Business Tidbits

January Surplus Shrinks 2013 U.S. Budget Deficit

WASHINGTON (AP) – The federal government reported a rare surplus for January and is on track to run the lowest annual deficit since President Barack Obama took office.

The Treasury Department said Tuesday that the government took in a surplus of $2.9 billion in January, helped by nearly $9 billion more in Social Security taxes. Last month Congress and the White House allowed a temporary cut in Social Security taxes to expire.

Through the first four months of the 2013 budget year, the deficit has grown $290.4 billion. That’s nearly $60 billion lower than the same period a year ago.

Likely Treasury Chief Lew Faces Early Budget Tests

WASHINGTON (AP) – The to-do list that awaits Jacob Lew, President Barack Obama’s choice to be Treasury secretary, is daunting.

Bridge disputes in Congress on taxes and spending. Shrink budget deficits. Manage tense economic ties with China. Press Europe to reduce debts while fighting a recession. Defend the U.S. financial overhaul law. Prevent a global currency war.

And those are just the obvious challenges.

S&P Parent Expects to Beat Gov’t Ratings Lawsuit

NEW YORK (AP) – Standard & Poor’s is prepared to spend years beating back a federal lawsuit that accuses the company of giving falsely high ratings to mortgage investments that helped trigger the financial crisis, executives said Tuesday.

The government may seek up to $5 billion — several years’ worth of profits for McGraw-Hill, it said in a civil complaint filed in Los Angeles federal court last week. The company believes the charges lack merit, but the case is likely to drag on for three or more years, general counsel Ken Vittor said on the call.

Despite what the company called “an outstanding year,” analysts on the call focused on its ability to fend off the lawsuit and maintain growth in the Standard & Poor’s Rating Services division.

CEO Of Scandal-Ridden U.K. Bank Sets New Tone

LONDON (AP) – Be honest. Or be gone. That’s the message from the new chief executive at Barclays, the British bank that paid a $453 million fine for manipulating a key global interest rate. As he tried to put a brave face on 3,700 new job cuts and growing financial losses, CEO Anthony Jenkins said Tuesday that ethics matter as much as a given quarter’s bottom line.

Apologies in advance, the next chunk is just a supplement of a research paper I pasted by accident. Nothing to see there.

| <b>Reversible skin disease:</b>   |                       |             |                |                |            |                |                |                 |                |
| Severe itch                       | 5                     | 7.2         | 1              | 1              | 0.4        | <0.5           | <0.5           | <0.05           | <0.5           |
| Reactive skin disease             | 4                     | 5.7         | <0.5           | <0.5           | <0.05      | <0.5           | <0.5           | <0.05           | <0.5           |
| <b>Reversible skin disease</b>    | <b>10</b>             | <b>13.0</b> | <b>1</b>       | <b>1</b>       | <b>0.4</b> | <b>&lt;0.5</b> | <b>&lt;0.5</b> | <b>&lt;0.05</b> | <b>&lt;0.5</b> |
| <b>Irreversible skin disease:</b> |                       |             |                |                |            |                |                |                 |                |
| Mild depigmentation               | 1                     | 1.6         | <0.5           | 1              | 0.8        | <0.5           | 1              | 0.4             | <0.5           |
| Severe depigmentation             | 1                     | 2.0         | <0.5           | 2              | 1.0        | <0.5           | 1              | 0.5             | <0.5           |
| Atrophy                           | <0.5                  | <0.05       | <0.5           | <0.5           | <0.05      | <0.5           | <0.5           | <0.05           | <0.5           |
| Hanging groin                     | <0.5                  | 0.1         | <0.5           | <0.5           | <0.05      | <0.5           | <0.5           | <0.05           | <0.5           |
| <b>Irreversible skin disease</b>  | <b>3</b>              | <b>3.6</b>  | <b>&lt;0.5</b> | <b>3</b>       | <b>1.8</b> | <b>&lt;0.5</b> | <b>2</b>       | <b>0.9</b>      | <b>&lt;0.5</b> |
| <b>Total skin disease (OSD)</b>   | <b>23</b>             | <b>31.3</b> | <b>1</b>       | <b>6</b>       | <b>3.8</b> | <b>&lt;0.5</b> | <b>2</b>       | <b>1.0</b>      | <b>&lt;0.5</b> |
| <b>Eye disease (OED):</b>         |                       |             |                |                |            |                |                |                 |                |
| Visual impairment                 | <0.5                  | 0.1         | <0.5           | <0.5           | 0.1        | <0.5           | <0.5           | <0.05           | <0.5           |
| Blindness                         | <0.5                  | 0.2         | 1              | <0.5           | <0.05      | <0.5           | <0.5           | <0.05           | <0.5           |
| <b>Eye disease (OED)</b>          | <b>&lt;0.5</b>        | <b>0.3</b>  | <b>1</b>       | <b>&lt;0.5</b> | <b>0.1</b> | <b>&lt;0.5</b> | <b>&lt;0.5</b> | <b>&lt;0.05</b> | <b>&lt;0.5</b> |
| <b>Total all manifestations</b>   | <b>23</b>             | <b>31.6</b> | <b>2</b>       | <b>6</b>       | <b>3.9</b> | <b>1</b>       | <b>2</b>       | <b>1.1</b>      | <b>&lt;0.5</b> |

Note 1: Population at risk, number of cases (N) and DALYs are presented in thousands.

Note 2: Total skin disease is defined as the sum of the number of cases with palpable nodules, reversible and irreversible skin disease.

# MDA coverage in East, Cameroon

“Barclays is changing,” Jenkins told reporters at a news conference in London. “There will be no going back to the old ways of doing things.”

Jenkins has good reason to embrace the high road. Even though Barclays avoided a government bailout during the global financial crisis — unlike British peers like Royal Bank of Scotland and Lloyds — the lender has faced a string of scandals that are costing it billions of pounds.

Another Major Dell Shareholder Opposes $24.4b Sale

NEW YORK (AP) – A shareholder rebellion against Dell’s proposed $24.4 billion sale to its founder and other investors is gaining more support, fueling a belief that the struggling personal computer maker will have to wrangle a higher price to get the deal done.

Mutual fund firm T. Rowe Price joined the opposition Tuesday. Price and another shareholder, Southeastern Asset Management, believe that founder and CEO Michael Dell and the investment firm Silver Lake are seizing control and ending Dell Inc.’s 25-year history as a publicly held company on the cheap.

T. Rowe Price and Southeastern are the two largest independent shareholders and own nearly 13 percent of the company combined. Michael Dell has committed his 14 percent stake toward the deal. He is the only investor who owns more stock than either of the two.

G7 Seeks to Defuse Currency War Fears

NEW YORK (AP) – The Group of Seven leading industrial nations, which includes the U.S., Japan and Germany, warned Tuesday that volatile movements in exchange rates could adversely hit the global economy.

There have been increasing concerns around the world that countries might manipulate their exchange rates through their domestic economic policies in order to gain an edge. The process could spark a “currency war” — where countries compete against one another to get the lowest exchange rates.

The G-7 finance ministers and central bankers insisted they remained committed to exchange rates driven by the market — not government or central bank policies.